4. An elongated antenna structure for an electronically controlled lavatory or other plumbing fixture, comprising a unitary structure having two substantially equal substantially flat metallic segments and a wire interconnecting said segments, the two fiat metallic segments being horizontally disposed adjacent to the plumbing fixture, whereby the three segments will undergo capacitive changes in a substantial amount in response to the approach of a persons body or his arms, not withstanding small changes in the position of said body or arms to said plumbing fixture.

5. An elongated antenna structure according to claim 4, including also an elongated plastic housing which is substantially rectangular in cross section and encasing the unitary structure, and means for fastening said housing on the underside of a lavatory adjacent to the front of the lavatory.

6. An antenna structure for an electronic equipment controlled plumbing fixture which is to be operated and released when a user approaches or departs therefrom, consisting of an elongated rectangular metallic plate member which is cut away in the central region of said plate member so that the metallic plate member includes a central segment and two other segments substantially equal in size and substantially fiat and connected to said central segment, said metallic plate member being oriented in a horizontal position.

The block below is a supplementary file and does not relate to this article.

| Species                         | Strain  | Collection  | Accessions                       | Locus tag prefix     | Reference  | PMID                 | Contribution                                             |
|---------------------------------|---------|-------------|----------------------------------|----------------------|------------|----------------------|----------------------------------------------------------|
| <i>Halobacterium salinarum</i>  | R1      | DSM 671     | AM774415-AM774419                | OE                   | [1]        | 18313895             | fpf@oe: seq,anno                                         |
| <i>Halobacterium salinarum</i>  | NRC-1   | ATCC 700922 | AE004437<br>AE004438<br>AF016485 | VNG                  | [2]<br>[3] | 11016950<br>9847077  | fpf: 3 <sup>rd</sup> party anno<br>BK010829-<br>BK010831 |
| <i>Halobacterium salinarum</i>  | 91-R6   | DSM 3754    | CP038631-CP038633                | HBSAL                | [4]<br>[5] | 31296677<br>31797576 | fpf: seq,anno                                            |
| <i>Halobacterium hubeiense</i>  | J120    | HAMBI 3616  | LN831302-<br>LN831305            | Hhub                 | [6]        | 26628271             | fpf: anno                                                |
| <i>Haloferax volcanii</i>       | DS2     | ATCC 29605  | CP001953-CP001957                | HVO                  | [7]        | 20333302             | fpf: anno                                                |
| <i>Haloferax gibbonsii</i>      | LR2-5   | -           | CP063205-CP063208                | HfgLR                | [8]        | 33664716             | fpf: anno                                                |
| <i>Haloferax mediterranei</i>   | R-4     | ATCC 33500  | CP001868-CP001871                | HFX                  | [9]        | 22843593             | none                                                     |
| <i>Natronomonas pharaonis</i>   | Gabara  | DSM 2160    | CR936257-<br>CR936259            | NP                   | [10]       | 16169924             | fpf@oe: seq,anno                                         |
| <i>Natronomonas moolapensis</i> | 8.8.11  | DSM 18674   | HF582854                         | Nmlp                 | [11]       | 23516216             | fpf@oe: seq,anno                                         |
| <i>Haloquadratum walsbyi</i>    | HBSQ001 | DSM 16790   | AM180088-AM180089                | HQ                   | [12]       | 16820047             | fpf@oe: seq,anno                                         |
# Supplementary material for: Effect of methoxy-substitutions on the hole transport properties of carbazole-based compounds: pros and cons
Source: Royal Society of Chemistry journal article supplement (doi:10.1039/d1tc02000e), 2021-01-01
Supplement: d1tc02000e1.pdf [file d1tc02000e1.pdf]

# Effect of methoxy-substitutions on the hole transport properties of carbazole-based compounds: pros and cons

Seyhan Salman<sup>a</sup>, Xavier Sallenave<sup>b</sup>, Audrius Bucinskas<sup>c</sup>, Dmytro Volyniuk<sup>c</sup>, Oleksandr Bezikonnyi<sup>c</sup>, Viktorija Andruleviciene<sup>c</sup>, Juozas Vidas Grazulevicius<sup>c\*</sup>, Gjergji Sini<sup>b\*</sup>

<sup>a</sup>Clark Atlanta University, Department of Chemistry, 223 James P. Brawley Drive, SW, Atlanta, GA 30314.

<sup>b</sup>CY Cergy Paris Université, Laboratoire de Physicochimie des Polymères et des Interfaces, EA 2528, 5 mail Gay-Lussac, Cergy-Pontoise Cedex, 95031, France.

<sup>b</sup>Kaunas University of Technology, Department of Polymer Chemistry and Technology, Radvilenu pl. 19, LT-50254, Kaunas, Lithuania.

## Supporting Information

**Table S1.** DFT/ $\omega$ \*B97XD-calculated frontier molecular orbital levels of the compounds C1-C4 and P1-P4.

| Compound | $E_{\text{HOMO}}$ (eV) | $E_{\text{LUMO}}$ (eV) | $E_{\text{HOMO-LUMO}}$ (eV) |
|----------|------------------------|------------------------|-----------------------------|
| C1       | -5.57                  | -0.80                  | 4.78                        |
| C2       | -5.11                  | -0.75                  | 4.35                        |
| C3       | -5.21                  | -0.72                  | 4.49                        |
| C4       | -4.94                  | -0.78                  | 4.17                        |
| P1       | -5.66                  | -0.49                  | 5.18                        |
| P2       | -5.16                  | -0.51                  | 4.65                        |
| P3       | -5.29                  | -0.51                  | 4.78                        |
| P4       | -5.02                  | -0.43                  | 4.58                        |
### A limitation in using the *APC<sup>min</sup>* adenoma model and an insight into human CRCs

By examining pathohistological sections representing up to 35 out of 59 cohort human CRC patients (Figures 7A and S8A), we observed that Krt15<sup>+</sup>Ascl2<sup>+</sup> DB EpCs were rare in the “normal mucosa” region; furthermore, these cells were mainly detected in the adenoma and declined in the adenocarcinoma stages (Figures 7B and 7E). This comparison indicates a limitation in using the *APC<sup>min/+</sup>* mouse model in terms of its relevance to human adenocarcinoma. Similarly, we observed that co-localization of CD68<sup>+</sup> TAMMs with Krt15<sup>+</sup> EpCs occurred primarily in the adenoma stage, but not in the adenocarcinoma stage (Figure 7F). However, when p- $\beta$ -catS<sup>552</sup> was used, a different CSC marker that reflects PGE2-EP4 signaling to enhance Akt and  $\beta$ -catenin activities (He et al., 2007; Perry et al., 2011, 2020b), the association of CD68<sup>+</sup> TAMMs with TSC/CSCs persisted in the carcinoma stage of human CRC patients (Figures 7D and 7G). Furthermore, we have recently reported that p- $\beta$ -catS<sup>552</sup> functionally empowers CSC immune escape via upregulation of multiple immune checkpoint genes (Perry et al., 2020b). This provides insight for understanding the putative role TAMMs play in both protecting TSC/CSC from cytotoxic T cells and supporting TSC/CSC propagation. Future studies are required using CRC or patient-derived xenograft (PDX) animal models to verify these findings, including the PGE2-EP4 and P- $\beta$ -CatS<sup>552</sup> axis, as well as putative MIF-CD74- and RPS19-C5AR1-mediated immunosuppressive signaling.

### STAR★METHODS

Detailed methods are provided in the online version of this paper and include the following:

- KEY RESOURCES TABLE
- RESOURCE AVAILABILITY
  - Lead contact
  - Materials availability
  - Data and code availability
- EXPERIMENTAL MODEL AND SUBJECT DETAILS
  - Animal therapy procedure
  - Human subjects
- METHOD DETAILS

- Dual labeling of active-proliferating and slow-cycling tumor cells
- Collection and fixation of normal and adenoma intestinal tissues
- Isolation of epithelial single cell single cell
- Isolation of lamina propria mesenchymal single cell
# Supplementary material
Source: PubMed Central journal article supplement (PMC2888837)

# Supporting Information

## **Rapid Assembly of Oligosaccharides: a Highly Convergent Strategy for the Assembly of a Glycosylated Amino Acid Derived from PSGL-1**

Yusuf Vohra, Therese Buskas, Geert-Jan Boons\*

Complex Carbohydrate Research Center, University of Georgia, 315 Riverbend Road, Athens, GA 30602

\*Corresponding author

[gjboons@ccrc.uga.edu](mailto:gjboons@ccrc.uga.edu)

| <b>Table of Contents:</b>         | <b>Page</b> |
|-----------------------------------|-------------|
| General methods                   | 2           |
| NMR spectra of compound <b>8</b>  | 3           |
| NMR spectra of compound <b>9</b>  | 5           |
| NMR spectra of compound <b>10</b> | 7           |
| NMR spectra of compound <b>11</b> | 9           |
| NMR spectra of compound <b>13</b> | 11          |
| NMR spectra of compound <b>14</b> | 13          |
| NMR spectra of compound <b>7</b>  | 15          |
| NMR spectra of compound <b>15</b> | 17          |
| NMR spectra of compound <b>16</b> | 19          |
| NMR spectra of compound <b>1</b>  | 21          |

7. An antenna structure according to claim 6, including an elongated housing having a rectangular cross section and made of non-conductive material, in which the elongated metallic member is tightly enclosed, and means for aflixing said metallic member to a wall of said housing, said housing being afiixed to the underside of said plumbing fixture.

8. An antenna structure according to claim 6, including means for afiixing said metallic plate member to the underside of said plumbing fixture and adjacent to the front thereof.

9. An antenna structure according to claim 6, including an elongated rectangular dielectric plate member and means for affixing said dielectric plate member to the underside of said plumbing fixture adjacent to the front thereof so as to hold said metallic plate member in horizontal position.